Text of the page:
10. Mr Stookes submitted that the answer should be yes, because the public ought to be entitled to participate. That, however, is not the test. The test very clearly identified by the directive in the passages that are cited by Mr Stookes is whether the decision may have a significant effect on the environment, giving that expression the meaning given to it in Loader.

11. There is no suggestion that the planning authority failed to approach the matter on a proper understanding of what was meant by, "may have a significant effect on the environment" or, "likely to have a significant effect on the environment". That is a very different test from asking, should the public be entitled to participate.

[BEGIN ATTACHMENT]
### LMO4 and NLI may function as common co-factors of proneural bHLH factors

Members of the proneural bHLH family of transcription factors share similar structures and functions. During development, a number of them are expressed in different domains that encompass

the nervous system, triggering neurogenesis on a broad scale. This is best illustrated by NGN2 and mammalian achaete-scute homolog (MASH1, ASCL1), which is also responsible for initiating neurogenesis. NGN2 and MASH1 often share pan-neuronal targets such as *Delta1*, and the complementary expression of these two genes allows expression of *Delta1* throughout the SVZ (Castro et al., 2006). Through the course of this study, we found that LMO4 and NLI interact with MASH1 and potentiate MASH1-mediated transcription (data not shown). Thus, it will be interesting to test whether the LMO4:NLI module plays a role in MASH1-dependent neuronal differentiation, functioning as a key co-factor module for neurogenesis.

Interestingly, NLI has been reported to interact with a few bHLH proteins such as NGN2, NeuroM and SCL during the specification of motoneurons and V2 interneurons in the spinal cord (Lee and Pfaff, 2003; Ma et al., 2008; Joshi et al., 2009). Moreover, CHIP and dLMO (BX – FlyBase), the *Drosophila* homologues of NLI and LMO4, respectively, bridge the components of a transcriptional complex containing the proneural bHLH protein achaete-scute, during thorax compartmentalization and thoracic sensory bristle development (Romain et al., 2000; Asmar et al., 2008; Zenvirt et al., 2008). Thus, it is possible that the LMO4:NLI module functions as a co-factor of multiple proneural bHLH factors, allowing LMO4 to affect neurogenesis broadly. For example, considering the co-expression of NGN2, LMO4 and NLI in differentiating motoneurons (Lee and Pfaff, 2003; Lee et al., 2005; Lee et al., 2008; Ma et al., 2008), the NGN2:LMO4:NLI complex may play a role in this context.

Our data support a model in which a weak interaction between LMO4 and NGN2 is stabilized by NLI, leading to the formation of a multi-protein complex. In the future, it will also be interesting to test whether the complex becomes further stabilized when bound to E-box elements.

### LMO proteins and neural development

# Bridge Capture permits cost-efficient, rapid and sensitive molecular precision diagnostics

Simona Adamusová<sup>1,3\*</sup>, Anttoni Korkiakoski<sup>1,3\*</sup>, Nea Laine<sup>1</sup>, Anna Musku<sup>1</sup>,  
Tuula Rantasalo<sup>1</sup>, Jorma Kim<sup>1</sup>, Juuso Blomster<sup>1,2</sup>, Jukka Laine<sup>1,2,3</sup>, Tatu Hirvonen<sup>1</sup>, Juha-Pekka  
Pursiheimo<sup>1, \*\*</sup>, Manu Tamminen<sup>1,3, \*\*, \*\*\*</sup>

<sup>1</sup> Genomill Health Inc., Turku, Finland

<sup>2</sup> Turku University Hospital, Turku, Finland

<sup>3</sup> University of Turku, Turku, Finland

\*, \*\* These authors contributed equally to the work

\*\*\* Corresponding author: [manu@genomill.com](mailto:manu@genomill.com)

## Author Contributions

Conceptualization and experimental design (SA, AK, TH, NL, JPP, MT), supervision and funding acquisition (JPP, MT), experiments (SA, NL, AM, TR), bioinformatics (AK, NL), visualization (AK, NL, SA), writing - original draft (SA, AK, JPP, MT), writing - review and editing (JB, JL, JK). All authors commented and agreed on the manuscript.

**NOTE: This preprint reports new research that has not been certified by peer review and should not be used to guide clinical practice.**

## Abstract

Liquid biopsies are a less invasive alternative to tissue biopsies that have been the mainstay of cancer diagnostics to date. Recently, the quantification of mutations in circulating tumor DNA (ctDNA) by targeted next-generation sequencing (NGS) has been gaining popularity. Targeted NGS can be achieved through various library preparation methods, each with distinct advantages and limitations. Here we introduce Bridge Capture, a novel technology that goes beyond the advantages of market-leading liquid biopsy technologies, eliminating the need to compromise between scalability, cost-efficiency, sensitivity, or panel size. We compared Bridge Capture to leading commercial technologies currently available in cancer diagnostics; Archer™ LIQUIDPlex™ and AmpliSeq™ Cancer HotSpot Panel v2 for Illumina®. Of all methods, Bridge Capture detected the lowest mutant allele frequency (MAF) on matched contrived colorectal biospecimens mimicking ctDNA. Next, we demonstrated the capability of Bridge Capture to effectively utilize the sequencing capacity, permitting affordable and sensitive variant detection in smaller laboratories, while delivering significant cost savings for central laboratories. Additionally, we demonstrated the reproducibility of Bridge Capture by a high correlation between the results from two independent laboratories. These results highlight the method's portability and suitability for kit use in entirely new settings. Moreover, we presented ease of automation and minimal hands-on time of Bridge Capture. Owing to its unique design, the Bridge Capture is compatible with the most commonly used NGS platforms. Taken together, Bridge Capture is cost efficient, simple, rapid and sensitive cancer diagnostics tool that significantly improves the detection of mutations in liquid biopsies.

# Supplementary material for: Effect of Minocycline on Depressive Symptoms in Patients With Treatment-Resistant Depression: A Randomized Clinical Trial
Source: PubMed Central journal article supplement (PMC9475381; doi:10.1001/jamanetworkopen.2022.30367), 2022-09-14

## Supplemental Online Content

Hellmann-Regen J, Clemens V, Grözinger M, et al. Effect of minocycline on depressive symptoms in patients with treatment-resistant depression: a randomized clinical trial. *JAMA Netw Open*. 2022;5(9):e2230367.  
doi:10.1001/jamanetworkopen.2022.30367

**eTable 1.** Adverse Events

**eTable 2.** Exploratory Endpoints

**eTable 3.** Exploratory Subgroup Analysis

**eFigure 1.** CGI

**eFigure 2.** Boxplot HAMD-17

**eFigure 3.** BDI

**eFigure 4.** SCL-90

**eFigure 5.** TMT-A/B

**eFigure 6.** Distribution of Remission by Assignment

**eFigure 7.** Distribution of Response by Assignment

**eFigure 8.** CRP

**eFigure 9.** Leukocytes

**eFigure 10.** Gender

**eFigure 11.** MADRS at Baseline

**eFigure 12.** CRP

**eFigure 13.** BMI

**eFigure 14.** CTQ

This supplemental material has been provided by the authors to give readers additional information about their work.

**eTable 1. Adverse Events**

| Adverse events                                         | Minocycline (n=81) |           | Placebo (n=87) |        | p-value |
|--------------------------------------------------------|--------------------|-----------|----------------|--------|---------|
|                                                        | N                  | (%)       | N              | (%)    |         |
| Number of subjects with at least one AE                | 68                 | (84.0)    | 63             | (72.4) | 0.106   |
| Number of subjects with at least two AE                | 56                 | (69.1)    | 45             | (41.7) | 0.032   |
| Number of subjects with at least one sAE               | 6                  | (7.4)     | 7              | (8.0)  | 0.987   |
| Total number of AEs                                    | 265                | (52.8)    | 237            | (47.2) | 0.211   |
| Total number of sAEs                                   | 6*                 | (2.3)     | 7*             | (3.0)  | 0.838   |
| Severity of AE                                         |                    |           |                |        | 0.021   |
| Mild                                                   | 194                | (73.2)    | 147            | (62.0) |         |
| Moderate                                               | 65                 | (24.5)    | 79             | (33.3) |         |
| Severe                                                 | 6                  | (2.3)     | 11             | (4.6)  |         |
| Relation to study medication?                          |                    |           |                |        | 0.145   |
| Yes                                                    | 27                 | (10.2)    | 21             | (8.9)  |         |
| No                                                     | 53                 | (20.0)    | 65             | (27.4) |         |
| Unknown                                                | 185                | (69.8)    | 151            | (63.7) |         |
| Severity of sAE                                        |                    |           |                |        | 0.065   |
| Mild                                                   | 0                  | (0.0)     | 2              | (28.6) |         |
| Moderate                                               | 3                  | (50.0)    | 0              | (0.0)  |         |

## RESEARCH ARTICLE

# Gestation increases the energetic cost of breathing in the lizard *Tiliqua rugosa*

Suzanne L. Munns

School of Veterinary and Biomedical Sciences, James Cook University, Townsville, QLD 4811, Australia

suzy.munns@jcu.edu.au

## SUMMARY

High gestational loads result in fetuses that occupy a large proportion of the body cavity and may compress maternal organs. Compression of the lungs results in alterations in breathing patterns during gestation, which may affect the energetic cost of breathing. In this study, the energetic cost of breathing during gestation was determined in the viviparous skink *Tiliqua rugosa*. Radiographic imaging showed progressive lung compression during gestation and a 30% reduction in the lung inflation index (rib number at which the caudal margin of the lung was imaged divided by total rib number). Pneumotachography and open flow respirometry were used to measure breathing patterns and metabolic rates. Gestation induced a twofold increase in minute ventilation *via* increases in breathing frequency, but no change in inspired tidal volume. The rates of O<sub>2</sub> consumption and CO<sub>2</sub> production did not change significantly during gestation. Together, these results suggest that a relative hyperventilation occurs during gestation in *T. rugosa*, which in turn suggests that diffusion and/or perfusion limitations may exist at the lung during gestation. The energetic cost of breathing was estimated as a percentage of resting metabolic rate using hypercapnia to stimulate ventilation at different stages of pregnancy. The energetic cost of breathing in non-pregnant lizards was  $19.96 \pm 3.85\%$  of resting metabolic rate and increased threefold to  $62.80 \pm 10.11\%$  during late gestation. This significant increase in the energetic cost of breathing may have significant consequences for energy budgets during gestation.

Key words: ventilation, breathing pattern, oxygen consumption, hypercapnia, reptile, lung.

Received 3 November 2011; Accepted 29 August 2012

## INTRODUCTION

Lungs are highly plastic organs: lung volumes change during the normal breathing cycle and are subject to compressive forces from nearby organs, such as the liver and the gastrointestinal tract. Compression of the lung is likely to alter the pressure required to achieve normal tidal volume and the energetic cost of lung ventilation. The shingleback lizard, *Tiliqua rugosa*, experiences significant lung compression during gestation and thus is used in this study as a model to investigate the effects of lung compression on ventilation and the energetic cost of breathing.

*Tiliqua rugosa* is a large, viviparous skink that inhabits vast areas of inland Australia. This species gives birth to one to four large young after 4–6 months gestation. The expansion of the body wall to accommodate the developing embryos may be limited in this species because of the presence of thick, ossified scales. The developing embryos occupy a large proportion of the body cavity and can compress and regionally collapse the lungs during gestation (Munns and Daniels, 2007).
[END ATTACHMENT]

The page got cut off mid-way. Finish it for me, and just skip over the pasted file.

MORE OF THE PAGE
12. Another matter that was relied upon concerned arrangements under which the locality is to be designated an Air Quality Management Area. This was due to traffic adjacent to the location, especially heavy goods vehicles. It was said by Mr Stookes that the proposal would increase the volume of traffic and add to the air pollution which was already above acceptable levels. As to that, Mr Stookes himself acknowledged that earlier, when granting planning permission, the Secretary of State was influenced by a consideration that the arrangements for which he was giving outright permission would lead to shorter car journeys. The planning application, Mr Stookes accepted, is an occasion when air quality could be addressed. That assessment, he submits, should be part of the EIA and it should be run in conjunction with consideration of the effect on primary schools nearby and on local housing.